The Uh Uh Approach to Risk

"Why aren't we integrating technology into teaching, learning and leadership more? Nothing we do seems to get through to teachers. It's like they just don't care and no one is willing to make them do it."
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I occasionally find myself in these conversations and confess to being baffled myself. Why aren't we, why aren't I, able to get more traction on these? I suspect the answer lies in the lack of relationships. I've noticed you have to build a deep relationship to see changes, and that only comes about after sufficient time, delivering on promises in spite of oppositional thinking. But again, building relationships can't just be the only obstacle, right?

Of course, it might be that people are just too afraid to change or do something new. It may be that they are too tired, their lives too full of old stuff. In the case of the latter, I find myself wanting everyone to come up with a Stop Doing list and add to that list every approach that doesn't get us to where our children need to be.

Taking risks is important, too. I know a veteran administrator who decided to start a blog to document her trip abroad. Kudos to the effort, a way to step out there. Perhaps, the idea that we don't have anything to say (we all do, we just put it aside inexplicably) plays a part. Consider Culture and Innovation's blog entry by Tim Kastelle:
I often hear from people that their organisation has a “risk-averse culture.” When I do, I remind them that we create culture – through our own interactions every day.  So if we want to change our culture, the first place to start is with what we do ourselves.
This assertion appeals to me. It means that change begins with the person in the mirror. I've never taken a class on taking risks...but I have often been told to NOT take risks. I'm the kinda guy who when asked to go skydiving, skiing, spelunking, my first reaction is, "Uh uh."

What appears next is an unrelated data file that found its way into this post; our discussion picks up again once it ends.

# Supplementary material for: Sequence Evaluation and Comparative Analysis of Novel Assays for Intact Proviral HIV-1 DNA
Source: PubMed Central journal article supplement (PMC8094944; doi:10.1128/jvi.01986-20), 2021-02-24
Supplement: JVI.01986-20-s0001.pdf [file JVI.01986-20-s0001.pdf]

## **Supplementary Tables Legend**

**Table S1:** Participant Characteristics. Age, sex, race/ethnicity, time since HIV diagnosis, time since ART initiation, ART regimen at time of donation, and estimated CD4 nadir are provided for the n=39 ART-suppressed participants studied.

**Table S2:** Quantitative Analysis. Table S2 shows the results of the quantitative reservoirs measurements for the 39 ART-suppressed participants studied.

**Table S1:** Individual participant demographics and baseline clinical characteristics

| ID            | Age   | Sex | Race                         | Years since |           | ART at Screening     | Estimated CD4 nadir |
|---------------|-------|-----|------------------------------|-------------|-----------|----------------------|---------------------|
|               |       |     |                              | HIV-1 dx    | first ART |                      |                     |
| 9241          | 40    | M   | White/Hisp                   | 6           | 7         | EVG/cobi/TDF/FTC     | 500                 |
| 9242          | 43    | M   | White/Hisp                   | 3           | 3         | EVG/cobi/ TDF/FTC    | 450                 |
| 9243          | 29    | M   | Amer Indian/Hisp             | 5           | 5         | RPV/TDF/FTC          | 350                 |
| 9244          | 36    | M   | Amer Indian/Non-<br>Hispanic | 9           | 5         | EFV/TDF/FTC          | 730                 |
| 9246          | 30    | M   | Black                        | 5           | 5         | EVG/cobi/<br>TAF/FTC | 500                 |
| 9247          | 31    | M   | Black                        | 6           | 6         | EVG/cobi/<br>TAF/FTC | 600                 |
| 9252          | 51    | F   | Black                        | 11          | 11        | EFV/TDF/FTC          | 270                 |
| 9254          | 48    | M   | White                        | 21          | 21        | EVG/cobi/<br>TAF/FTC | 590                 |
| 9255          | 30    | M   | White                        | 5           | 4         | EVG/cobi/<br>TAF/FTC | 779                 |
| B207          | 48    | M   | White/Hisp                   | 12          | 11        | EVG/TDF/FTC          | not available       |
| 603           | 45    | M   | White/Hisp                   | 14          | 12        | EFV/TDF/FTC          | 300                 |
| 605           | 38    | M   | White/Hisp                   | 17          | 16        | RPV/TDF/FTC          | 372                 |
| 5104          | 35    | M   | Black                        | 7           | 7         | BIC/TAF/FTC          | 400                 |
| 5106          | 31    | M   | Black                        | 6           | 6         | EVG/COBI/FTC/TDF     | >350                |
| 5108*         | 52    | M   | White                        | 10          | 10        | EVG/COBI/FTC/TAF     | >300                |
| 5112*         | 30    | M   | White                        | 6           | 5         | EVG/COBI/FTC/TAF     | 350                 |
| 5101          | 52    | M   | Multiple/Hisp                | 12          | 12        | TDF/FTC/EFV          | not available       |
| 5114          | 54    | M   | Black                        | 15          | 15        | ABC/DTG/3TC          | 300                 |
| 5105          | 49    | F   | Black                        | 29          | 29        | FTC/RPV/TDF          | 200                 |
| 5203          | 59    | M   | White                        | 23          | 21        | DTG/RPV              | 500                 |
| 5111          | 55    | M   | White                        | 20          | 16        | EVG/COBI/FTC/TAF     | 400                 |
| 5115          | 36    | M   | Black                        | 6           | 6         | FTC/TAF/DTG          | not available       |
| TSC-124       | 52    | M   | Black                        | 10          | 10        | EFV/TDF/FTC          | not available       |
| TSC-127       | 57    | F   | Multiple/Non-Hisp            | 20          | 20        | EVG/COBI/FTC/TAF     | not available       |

The web site makes some suggestions:

  1. Think first! Is your risk a dangerous one?
  2. Plan it out. Sometimes risks need more than just you.
  3. Build up self confidence. Make yourself believe that you can do it.
  4. Execute. Do it!
  5. Evaluate. Think back on your risk and ask "Was it worth it?"
  6. Think and repeat. After just one risk, ask yourself if you could do another one. 

I've found that ignorance usually makes all risks dangerous. But often, the risk is minimized when you know more, when you talk to others in the community. An approach for taking risks in educational change could follow this pattern:

  1. Connect with others first via Twitter. Find out how they're doing stuff.
  2. Plan your strategy and then try it out in front of others (not your class).
  3. Get feedback, blog about the experience and ask yourself, "How can I improve?"
  4. Try it out with your class, and be up front with them that this won't be perfect. Reflect on the experience and try again.
Avoid the uh uh approach to risk that says, "Uh uh, I can't do that!" then walks away from all possibility of action.

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Everything posted on Miguel Guhlin's blogs/wikis are his personal opinion and do not necessarily represent the views of his employer(s) or its clients. Read Full Disclosure


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